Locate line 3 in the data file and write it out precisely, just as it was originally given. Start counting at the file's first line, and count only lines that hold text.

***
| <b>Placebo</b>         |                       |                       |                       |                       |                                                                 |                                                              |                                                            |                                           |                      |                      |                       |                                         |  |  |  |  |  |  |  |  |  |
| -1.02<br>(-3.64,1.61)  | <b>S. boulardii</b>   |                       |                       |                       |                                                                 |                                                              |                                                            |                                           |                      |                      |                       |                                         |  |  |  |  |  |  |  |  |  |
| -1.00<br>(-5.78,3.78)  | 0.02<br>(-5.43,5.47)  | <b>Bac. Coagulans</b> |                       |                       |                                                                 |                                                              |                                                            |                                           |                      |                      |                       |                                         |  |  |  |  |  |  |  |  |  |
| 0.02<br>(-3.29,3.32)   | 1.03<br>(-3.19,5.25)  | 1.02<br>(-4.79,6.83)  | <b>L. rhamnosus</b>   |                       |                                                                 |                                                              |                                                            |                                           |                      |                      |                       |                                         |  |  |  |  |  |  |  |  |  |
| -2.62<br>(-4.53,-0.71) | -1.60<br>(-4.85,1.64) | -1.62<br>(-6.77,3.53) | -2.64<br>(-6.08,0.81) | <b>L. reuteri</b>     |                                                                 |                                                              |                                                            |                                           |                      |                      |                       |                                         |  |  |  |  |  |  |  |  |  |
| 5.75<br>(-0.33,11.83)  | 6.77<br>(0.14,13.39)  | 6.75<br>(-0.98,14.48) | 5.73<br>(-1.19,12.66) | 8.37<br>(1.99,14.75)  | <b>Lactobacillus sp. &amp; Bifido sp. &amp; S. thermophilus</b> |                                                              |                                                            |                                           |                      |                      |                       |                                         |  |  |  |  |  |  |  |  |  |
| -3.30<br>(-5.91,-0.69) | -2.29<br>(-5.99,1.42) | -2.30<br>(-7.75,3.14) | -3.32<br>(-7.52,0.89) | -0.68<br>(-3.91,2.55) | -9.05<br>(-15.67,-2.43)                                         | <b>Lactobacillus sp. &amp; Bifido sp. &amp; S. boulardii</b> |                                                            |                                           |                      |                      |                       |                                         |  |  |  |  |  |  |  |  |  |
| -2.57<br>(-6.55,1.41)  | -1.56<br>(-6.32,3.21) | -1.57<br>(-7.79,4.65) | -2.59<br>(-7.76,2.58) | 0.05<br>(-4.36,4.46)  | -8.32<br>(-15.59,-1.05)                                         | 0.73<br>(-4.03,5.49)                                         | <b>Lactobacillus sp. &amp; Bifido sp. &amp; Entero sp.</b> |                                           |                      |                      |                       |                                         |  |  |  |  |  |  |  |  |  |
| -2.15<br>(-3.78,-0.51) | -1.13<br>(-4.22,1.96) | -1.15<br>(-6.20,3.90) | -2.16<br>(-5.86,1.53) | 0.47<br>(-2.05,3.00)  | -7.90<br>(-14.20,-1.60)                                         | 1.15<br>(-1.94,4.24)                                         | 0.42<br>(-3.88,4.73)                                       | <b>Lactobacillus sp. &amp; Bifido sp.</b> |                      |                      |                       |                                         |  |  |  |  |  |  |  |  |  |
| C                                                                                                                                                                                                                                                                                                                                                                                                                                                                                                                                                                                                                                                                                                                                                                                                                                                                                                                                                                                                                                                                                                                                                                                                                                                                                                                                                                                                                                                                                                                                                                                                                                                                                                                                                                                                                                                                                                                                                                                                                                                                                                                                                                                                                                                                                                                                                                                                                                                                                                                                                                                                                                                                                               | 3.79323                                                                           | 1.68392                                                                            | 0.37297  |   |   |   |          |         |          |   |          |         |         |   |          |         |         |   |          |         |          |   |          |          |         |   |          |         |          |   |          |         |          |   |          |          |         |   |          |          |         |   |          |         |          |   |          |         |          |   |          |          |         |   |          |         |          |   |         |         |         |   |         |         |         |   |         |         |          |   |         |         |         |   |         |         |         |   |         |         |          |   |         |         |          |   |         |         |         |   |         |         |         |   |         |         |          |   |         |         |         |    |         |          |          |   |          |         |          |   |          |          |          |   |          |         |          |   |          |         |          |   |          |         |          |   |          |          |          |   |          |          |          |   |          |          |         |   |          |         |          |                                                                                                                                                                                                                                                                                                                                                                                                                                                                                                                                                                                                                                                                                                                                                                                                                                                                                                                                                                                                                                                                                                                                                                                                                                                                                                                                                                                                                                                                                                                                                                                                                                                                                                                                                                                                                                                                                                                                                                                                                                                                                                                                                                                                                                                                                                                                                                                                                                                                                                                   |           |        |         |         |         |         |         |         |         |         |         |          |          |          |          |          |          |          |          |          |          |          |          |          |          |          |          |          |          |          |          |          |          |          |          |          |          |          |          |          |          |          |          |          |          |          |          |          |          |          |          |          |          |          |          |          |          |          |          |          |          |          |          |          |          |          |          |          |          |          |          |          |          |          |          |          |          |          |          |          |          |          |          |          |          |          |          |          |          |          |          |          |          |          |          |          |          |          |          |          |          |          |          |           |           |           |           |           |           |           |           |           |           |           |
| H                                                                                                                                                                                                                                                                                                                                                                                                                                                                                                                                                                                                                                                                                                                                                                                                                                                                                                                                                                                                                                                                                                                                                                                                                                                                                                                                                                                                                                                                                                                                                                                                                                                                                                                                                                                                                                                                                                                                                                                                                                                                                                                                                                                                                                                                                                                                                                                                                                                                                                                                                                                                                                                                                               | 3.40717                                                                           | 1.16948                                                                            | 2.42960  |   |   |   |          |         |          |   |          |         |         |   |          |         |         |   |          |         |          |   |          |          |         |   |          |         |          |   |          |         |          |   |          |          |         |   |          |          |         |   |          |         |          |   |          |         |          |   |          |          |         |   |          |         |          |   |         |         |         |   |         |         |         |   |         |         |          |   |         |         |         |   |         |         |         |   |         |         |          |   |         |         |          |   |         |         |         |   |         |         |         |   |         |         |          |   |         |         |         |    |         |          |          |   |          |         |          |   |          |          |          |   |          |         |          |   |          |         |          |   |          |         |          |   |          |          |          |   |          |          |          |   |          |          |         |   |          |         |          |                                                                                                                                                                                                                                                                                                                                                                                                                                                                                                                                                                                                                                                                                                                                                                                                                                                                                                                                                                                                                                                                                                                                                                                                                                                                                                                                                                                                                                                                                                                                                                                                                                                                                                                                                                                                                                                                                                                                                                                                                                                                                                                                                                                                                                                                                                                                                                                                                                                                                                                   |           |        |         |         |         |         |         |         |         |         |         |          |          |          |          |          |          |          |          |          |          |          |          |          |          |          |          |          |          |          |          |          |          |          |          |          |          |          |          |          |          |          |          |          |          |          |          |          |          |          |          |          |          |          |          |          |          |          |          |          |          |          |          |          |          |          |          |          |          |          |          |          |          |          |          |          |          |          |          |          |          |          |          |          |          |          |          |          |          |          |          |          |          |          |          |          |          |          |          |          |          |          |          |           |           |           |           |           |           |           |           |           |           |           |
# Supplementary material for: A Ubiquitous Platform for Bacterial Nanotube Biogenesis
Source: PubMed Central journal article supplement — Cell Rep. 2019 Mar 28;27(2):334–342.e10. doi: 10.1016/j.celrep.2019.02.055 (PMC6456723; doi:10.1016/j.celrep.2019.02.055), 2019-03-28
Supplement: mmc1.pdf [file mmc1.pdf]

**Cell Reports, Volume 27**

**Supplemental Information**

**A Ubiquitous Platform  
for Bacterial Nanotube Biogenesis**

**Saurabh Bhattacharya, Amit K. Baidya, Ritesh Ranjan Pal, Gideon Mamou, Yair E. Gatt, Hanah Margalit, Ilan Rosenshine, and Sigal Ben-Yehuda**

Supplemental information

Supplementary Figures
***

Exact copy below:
| -1.00<br>(-5.78,3.78)  | 0.02<br>(-5.43,5.47)  | <b>Bac. Coagulans</b> |                       |                       |                                                                 |                                                              |                                                            |                                           |                      |                      |                       |                                         |  |  |  |  |  |  |  |  |  |